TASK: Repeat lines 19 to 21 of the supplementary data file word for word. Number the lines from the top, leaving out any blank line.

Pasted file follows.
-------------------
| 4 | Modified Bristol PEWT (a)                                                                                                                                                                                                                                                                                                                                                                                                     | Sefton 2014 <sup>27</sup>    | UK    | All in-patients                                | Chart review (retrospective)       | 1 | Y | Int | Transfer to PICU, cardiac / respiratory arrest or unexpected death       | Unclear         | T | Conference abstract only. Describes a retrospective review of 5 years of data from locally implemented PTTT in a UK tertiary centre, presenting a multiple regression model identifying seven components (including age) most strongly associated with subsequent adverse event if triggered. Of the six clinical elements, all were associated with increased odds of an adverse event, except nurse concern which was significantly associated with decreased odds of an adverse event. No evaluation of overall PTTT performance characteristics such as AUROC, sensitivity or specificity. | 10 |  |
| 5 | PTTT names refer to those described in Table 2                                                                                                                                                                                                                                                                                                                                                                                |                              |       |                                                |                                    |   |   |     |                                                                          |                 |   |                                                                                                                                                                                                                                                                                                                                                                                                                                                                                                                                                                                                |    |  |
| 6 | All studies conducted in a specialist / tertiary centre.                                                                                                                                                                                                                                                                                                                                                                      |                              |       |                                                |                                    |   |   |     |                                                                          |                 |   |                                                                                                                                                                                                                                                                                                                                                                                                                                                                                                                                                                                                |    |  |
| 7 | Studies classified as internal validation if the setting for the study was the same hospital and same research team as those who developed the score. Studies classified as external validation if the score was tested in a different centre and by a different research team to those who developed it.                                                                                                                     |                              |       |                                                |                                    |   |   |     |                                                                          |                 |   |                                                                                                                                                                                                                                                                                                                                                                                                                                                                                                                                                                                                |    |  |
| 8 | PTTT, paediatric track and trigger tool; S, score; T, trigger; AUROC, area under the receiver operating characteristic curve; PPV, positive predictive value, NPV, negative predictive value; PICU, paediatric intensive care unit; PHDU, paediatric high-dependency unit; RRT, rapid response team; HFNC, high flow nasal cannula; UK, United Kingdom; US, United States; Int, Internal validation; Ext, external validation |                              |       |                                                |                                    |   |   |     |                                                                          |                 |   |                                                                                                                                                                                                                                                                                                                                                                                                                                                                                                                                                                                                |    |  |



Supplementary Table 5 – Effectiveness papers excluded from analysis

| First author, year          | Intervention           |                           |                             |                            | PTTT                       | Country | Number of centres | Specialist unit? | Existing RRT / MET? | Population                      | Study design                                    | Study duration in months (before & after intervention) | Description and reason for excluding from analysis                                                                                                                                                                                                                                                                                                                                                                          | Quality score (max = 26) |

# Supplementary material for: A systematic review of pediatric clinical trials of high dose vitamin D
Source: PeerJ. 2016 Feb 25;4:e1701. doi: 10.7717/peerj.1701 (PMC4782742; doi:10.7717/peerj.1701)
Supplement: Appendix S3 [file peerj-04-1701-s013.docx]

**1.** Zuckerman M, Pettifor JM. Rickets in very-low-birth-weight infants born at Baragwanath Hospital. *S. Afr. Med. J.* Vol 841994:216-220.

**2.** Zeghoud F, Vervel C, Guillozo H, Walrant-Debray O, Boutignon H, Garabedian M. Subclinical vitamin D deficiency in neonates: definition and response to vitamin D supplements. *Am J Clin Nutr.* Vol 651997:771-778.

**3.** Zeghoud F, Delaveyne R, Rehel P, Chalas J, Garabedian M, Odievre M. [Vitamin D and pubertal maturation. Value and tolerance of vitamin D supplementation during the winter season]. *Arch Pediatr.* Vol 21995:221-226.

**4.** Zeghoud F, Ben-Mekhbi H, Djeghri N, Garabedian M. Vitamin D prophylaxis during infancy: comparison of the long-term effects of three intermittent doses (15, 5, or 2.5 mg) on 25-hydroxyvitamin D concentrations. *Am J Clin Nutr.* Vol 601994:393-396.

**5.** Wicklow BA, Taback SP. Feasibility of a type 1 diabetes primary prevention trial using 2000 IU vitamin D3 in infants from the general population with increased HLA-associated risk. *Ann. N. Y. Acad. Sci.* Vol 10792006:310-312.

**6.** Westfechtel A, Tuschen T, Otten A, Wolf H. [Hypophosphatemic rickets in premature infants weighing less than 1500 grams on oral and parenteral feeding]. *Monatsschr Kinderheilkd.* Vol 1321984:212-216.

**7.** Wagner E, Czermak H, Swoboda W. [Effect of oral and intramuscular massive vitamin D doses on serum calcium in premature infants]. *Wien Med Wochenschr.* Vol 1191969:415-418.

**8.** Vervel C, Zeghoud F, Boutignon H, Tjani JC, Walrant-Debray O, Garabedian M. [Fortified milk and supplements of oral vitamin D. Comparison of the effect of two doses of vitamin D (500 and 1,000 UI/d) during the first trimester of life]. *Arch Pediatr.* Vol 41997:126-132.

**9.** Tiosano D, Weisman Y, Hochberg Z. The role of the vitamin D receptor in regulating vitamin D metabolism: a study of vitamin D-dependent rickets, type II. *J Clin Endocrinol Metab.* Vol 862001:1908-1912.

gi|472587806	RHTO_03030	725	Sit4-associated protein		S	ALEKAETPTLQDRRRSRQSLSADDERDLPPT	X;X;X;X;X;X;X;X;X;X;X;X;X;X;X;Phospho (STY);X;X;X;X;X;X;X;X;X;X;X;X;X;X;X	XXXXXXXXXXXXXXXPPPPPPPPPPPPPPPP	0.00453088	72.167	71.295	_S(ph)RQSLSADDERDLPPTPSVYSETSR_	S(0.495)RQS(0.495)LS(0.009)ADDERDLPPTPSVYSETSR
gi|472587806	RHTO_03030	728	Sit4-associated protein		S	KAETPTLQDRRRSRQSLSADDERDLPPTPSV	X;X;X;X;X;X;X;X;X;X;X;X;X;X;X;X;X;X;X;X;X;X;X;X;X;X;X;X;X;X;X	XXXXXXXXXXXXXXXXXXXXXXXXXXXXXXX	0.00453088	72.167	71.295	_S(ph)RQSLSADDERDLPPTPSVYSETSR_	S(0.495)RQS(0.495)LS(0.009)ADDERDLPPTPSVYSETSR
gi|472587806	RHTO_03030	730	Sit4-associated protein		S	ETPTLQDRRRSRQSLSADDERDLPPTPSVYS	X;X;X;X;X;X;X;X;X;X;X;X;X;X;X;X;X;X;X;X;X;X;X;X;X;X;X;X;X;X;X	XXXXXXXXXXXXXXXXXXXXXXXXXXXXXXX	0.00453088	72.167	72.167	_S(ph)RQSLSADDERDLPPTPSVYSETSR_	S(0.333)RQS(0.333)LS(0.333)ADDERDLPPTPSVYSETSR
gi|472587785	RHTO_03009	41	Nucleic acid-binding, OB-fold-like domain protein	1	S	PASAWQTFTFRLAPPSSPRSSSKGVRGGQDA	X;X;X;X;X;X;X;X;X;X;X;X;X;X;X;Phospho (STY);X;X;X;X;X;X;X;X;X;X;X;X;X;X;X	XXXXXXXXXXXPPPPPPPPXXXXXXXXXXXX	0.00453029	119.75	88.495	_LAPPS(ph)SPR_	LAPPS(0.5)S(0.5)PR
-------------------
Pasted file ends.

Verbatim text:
**9.** Tiosano D, Weisman Y, Hochberg Z. The role of the vitamin D receptor in regulating vitamin D metabolism: a study of vitamin D-dependent rickets, type II. *J Clin Endocrinol Metab.* Vol 862001:1908-1912.

gi|472587806	RHTO_03030	725	Sit4-associated protein		S	ALEKAETPTLQDRRRSRQSLSADDERDLPPT	X;X;X;X;X;X;X;X;X;X;X;X;X;X;X;Phospho (STY);X;X;X;X;X;X;X;X;X;X;X;X;X;X;X	XXXXXXXXXXXXXXXPPPPPPPPPPPPPPPP	0.00453088	72.167	71.295	_S(ph)RQSLSADDERDLPPTPSVYSETSR_	S(0.495)RQS(0.495)LS(0.009)ADDERDLPPTPSVYSETSR
gi|472587806	RHTO_03030	728	Sit4-associated protein		S	KAETPTLQDRRRSRQSLSADDERDLPPTPSV	X;X;X;X;X;X;X;X;X;X;X;X;X;X;X;X;X;X;X;X;X;X;X;X;X;X;X;X;X;X;X	XXXXXXXXXXXXXXXXXXXXXXXXXXXXXXX	0.00453088	72.167	71.295	_S(ph)RQSLSADDERDLPPTPSVYSETSR_	S(0.495)RQS(0.495)LS(0.009)ADDERDLPPTPSVYSETSR